When I took office, the headlines all over the country read: Former Lunch Lady elected President of NEA.
And it’s true! I am so proud of that. (Although “lunch lady” is padding my resume. I was the Salad Girl – not quite up to hot food.) But I was a great Lunch Lady. And after that, I was a teacher’s assistant in a Head Start preschool.
I wanted to become a teacher, so I took out student loans, worked weekends and got my degree. But my colleagues who loved being in the kitchen and being teachers’ assistants, they kept doing what they loved doing. We all knew that what we were doing was important to that child.
— NEA ESP Quality Dept (@NEArESPect) November 19, 2014
I want to send a special message to our education support professionals out there. We need you. I’ve taught in schools that had a school nurse and a bilingual assistant and a school secretary and bus drivers and the custodian and the principal and the school psychologist. It was always best for our kids when we had the Whole Team serving the Whole Child.
I am so proud that the newspapers got it right and described me by the title I had in my first education job: I was a humble… and incredibly fantastic Lunch Lady! And I am so proud of being NEA president – all 3 million of us serving the Whole Student.
At NEA we advocate for the learning conditions of our students. I’ve been all over this country, and I hear from classroom teachers, para-professionals, custodians, college professors – I hear from everyone how crazy it’s gotten in our schools under No Child Left Untested. I hear it from our support professionals who work with our most vulnerable students. I’ve had bilingual teacher assistants beg for testing relief for their kids. They sense their frustration at being made to take tests that are inappropriate for their level of English.
I heard a high school custodian tell me how his high school sweepers who work after school want to drop out because of testing pressure. Special Education paras tell me students cry and sometimes act out because of tests that weren’t designed for their special need. We’re all tired of our students and our schools and educators being labeled by some standardized test that measures so little of what goes on to serve the whole Child.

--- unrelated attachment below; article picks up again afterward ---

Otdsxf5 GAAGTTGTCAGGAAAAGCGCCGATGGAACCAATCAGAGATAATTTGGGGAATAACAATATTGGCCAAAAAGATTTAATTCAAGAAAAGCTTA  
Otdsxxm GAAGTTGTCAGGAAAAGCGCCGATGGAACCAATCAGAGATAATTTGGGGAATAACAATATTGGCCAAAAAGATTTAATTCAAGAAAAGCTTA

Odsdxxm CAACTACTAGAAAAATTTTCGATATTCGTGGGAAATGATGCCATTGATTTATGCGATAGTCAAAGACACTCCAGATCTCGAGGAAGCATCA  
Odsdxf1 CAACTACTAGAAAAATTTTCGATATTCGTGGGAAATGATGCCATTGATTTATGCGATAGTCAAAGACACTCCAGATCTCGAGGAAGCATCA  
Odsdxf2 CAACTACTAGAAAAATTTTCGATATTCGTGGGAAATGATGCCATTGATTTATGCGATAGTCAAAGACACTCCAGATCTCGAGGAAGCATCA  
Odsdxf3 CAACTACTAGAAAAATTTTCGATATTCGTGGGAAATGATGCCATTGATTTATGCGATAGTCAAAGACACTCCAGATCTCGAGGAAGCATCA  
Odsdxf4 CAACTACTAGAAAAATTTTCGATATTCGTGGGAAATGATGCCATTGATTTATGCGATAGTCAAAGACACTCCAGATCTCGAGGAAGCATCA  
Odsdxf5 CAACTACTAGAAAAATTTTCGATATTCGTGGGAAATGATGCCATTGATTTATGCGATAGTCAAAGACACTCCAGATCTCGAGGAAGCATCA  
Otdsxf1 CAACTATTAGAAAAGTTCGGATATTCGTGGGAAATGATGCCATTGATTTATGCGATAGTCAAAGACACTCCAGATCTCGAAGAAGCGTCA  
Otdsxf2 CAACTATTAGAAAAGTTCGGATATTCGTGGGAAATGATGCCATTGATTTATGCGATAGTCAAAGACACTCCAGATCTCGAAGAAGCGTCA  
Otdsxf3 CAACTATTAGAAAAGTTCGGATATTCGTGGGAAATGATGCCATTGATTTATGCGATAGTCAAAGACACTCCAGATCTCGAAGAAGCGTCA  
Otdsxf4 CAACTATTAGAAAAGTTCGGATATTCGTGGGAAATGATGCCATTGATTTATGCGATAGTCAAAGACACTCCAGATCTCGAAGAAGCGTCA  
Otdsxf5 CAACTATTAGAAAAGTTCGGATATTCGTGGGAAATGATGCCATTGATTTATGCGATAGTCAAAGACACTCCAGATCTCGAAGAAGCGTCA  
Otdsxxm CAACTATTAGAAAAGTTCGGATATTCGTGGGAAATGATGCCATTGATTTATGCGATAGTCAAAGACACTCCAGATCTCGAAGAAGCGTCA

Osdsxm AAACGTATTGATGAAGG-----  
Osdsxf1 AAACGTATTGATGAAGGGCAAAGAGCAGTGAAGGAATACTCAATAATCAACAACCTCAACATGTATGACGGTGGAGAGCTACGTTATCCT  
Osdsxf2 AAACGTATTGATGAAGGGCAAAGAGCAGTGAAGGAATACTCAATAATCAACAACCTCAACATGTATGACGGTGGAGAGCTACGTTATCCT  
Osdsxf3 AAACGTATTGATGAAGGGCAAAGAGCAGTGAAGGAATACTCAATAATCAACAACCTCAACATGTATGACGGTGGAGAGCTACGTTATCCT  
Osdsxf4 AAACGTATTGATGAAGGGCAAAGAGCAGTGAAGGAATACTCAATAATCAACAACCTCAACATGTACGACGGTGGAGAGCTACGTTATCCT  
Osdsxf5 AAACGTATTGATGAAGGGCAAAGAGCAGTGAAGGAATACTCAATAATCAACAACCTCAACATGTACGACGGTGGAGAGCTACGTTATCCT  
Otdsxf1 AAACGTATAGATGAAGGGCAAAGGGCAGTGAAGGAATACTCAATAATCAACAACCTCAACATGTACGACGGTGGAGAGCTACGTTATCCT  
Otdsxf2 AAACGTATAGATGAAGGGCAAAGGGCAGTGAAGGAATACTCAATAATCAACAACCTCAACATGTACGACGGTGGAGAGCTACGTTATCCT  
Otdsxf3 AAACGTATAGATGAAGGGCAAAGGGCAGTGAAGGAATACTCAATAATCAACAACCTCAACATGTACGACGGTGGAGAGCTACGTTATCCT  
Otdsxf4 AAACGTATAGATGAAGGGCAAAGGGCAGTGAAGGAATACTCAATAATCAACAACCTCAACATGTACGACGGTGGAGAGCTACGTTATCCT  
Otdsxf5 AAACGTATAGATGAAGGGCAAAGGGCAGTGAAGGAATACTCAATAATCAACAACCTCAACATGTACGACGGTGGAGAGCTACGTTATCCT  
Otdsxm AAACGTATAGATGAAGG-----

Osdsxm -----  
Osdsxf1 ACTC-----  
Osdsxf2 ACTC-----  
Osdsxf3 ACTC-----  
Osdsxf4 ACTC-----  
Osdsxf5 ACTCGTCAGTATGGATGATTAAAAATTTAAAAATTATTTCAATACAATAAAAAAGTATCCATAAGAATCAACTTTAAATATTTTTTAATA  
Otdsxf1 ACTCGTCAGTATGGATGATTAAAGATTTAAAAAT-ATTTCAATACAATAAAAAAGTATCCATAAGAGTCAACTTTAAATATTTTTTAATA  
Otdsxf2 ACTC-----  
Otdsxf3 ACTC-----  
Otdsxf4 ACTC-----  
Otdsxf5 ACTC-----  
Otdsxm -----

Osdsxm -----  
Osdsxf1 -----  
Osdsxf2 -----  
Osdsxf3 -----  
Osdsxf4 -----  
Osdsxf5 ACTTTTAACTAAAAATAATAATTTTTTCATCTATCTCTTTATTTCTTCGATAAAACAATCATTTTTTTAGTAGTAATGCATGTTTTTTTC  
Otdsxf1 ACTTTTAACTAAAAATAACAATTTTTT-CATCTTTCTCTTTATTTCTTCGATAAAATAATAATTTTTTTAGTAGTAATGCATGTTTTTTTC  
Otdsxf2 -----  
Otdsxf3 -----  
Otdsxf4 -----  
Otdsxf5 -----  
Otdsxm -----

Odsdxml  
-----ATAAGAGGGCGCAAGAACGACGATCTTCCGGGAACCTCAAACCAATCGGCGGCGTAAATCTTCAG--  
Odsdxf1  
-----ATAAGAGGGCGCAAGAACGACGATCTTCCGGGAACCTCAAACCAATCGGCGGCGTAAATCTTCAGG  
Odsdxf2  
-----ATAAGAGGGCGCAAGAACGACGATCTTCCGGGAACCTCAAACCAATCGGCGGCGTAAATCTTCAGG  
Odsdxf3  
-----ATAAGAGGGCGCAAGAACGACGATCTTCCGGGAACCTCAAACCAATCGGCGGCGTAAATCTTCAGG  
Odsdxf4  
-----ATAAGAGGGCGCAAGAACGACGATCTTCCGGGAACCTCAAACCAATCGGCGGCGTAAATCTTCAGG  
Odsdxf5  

Just let me say that for 13 years now, we’ve been moving away from the original purpose of the federal role in education. The original law had a boring name: The Elementary and Secondary Education Act (ESEA). President Lyndon Johnson signed it in 1965 as part of the Civil Rights Movement. He could see that as schools were ordered to desegregate, some children were getting short-changed by their state and local politicians.
They weren’t getting what they needed to succeed, so the original ESEA gave some modest but important federal money to high poverty schools for teacher training, and reading tutors and bilingual assistants, and help for students with special needs.
— NEA ESP Quality Dept (@NEArESPect) December 3, 2014
Every ten years ESEA is reauthorized, and Congress is supposed to try to get closer to the original purpose – to help vulnerable populations of children who face discrimination and poverty and who have special needs.
When it was authorized in 2002, they changed the name to No Child Left Untested, and instead of moving us forward, we moved backward and turned public schools into testing factories. Now, it’s before Congress to be reauthorized. They have a chance to change it to make it make sense for students again.
But. We know what happens when you leave Congress without adult supervision. Congress is about to make some big decisions about the future of public schools – and that always turns out just peachy.
— NEA (@NEAToday) March 6, 2015
The reason we got into this mess in the first place is that Congress – neither Democrats nor Republicans – listened to us. Not one of them asked advice from someone who works in a school and knows the names of the students.
Our students are counting on us. Education support professionals have always been on the side of kids. Teachers have always been on the side of kids. The voice of the educator who knows the names of those kids is needed. We won’t let them down.